Until now, the majority of formulators have been of the boutique variety, but led by the larger concern, Earth’s Best (www.earthsbest.com), a part of Boulder, Colo.-based Hain Celestial Group. The big companies took note, and suddenly our little ones are getting lots of attention.
Nestlé’s Gerber group launched its Gerber Organics and followed up with its new Gerber Graduates for Preschoolers line of “healthy meals” for toddlers as well as Gerber 2nd Foods Dinners with DHA purees. Fortified with 18mg of DHA omega-3 per serving, they target support of brain and eye development.
Graduates are a mere toe in the water, limiting focus to a “no preservatives” claim. But more such foods surely are coming. This trend won’t stop growing until every manufacturer has its own line of organic, sustainable, nutraceutical-enhanced foods for the under-12 demographic.
From exotic products (like spirulina and ginseng) to simple products (almond) with added green tea and grape seed extracts, Betty Lou’s overwhelms with the “health-plus” trend.
When Nell Newman added the organic side to her father’s Newman’s Own Co., the category was fringe. Today, organic is a fixed part of our food choice demands with NOO marketing more than 100 organic products.
Babies and toddlers aren’t our only charges benefiting from a fresh (and organic and functional) revolution in foods. Our pets are witnessing the sudden growth of organic and healthy pet foods.
As the owner goes, so goes the pet. As consumers become avid label readers of the foods they eat themselves, they’re keeping an eye out on what they choose for Fido and Fifi. As a result, our critters are graying as standards of pet care improve, adding another impetus to focus closely what these close family members eat.
Let’s not forget organic
Over the past few years we’ve reported on how the organic category continues to grow. It might be more pervasive if supply could keep up with demand.
Even in a highly stressed, near-depression economy, organic/sustainable/fair trade/eco-friendly products still are growing at rates three to eight times faster than non-organic products, according to the Organic Trade Assn. Packaged Facts estimates the organic food and beverage industry will have hit $33 billion in sales this year, with experts predicting growth edging toward $40 billion by end of 2010.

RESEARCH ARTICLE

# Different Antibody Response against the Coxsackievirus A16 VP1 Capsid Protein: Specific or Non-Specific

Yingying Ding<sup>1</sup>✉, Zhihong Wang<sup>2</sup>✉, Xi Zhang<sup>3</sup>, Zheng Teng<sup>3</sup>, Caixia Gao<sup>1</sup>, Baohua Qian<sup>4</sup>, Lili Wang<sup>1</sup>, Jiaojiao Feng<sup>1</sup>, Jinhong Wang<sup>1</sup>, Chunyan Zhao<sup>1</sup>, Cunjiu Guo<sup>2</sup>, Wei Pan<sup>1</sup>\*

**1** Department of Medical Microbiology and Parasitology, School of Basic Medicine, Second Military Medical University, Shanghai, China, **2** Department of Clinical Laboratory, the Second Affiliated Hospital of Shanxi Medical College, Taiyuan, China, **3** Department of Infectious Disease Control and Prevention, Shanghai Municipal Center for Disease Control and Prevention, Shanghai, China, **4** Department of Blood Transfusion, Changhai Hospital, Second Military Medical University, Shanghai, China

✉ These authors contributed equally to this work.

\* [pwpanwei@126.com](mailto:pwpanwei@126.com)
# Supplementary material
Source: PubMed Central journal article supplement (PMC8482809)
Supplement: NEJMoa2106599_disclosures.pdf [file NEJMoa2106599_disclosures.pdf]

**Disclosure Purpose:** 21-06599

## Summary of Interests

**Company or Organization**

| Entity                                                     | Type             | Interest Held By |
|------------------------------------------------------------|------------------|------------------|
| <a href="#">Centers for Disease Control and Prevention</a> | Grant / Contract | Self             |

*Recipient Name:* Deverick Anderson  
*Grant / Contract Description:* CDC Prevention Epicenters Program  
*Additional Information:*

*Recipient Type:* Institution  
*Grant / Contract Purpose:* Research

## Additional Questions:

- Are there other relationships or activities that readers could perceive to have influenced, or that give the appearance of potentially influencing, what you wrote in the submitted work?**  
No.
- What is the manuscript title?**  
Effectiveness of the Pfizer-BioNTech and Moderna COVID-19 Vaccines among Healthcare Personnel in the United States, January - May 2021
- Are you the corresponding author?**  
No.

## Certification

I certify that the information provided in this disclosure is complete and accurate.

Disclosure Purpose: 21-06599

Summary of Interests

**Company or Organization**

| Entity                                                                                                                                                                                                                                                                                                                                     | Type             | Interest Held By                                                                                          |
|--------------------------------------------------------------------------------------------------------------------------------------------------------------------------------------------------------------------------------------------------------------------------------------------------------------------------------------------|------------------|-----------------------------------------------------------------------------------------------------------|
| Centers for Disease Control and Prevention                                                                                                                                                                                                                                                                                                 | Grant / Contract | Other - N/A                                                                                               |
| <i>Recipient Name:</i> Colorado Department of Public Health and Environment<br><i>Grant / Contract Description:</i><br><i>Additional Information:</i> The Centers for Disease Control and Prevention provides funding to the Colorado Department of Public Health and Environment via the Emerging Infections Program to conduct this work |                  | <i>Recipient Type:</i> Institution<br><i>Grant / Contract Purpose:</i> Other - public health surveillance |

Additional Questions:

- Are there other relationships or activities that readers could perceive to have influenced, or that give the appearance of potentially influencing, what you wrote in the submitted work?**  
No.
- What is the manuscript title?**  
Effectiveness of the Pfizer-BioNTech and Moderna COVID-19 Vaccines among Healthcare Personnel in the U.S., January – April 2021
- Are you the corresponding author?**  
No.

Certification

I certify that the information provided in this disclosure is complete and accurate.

Few companies understand the continually burgeoning organic market as does Newman’s Own Organics (www.newmansownorganics.com), Westport, Conn. A pioneer of mainstream healthful, organic versions of familiar foods, the company carved a significant niche and became a trend leader.
Today, after a quarter century of leading, and with more than 100 products and annual sales of $185 million, Newman’s Own and Newman’s Own Organics carries on the late Paul Newman’s generous legacy of combining health, eco-friendliness and social responsibility to the tune of more than $250 million given to a number of charities.
The continuing growth and expansion in organics opened new opportunities for the ready-to-eat dinners category. Companies and products such as Organic Bistro Whole Life meals (www.theorganicbistor.com), United Natural Brands Inc.’s Rising moon Skillet Meals (www.risingmoon.com), and Helen’s Foods’ Helen’s Kitchens (www.helensfoods.com) are three examples of the way “in-home fast food” is trending. Specializing in organic and vegetarian heat-and-eat meals, they are price-competitive, mainstream and stepped into a breach left by the previous generation of antecedents who thought flavor could be a secondary concern.
“The Agricultural Marketing Resource Center revealed organic soy foods represent the fastest growing consumer food segment in the past 10 years,” says Stephen Moore, CEO of Helen’s. “It’s thought that improvements in the taste of soy products, along with a change in American mainstream health perspectives, has helped to spur this growth.”
Moore also notes a “resurgence of classic comfort foods” and points to other trends the company is tuned into. “Green, carbon-footprint-oriented foods are fueled by global climate-change concerns. Helen’s Foods are American-made, which cuts down on carbon emissions. Also, if an organic ingredient can be purchased locally, we buy local. We also use certified organic practices and ingredients, meaning that the way we manufacture offers the least impact the environment. In addition, we utilize certified organic ingredients taken from farms that place an emphasis on sustainable farming practices, a key to ensuring a healthier earth.”
For the next few years, food and beverage products will have to be designed to serve multiple marketing points. But they also will have to meet the single most important criterion: taste.
The hot products in wellness are no exception. But with technology bringing new depth to flavor development and nutraceutical capacity, processors can meet demand for on-trend, healthful and responsibly made foods that fulfill taste expectations most of all.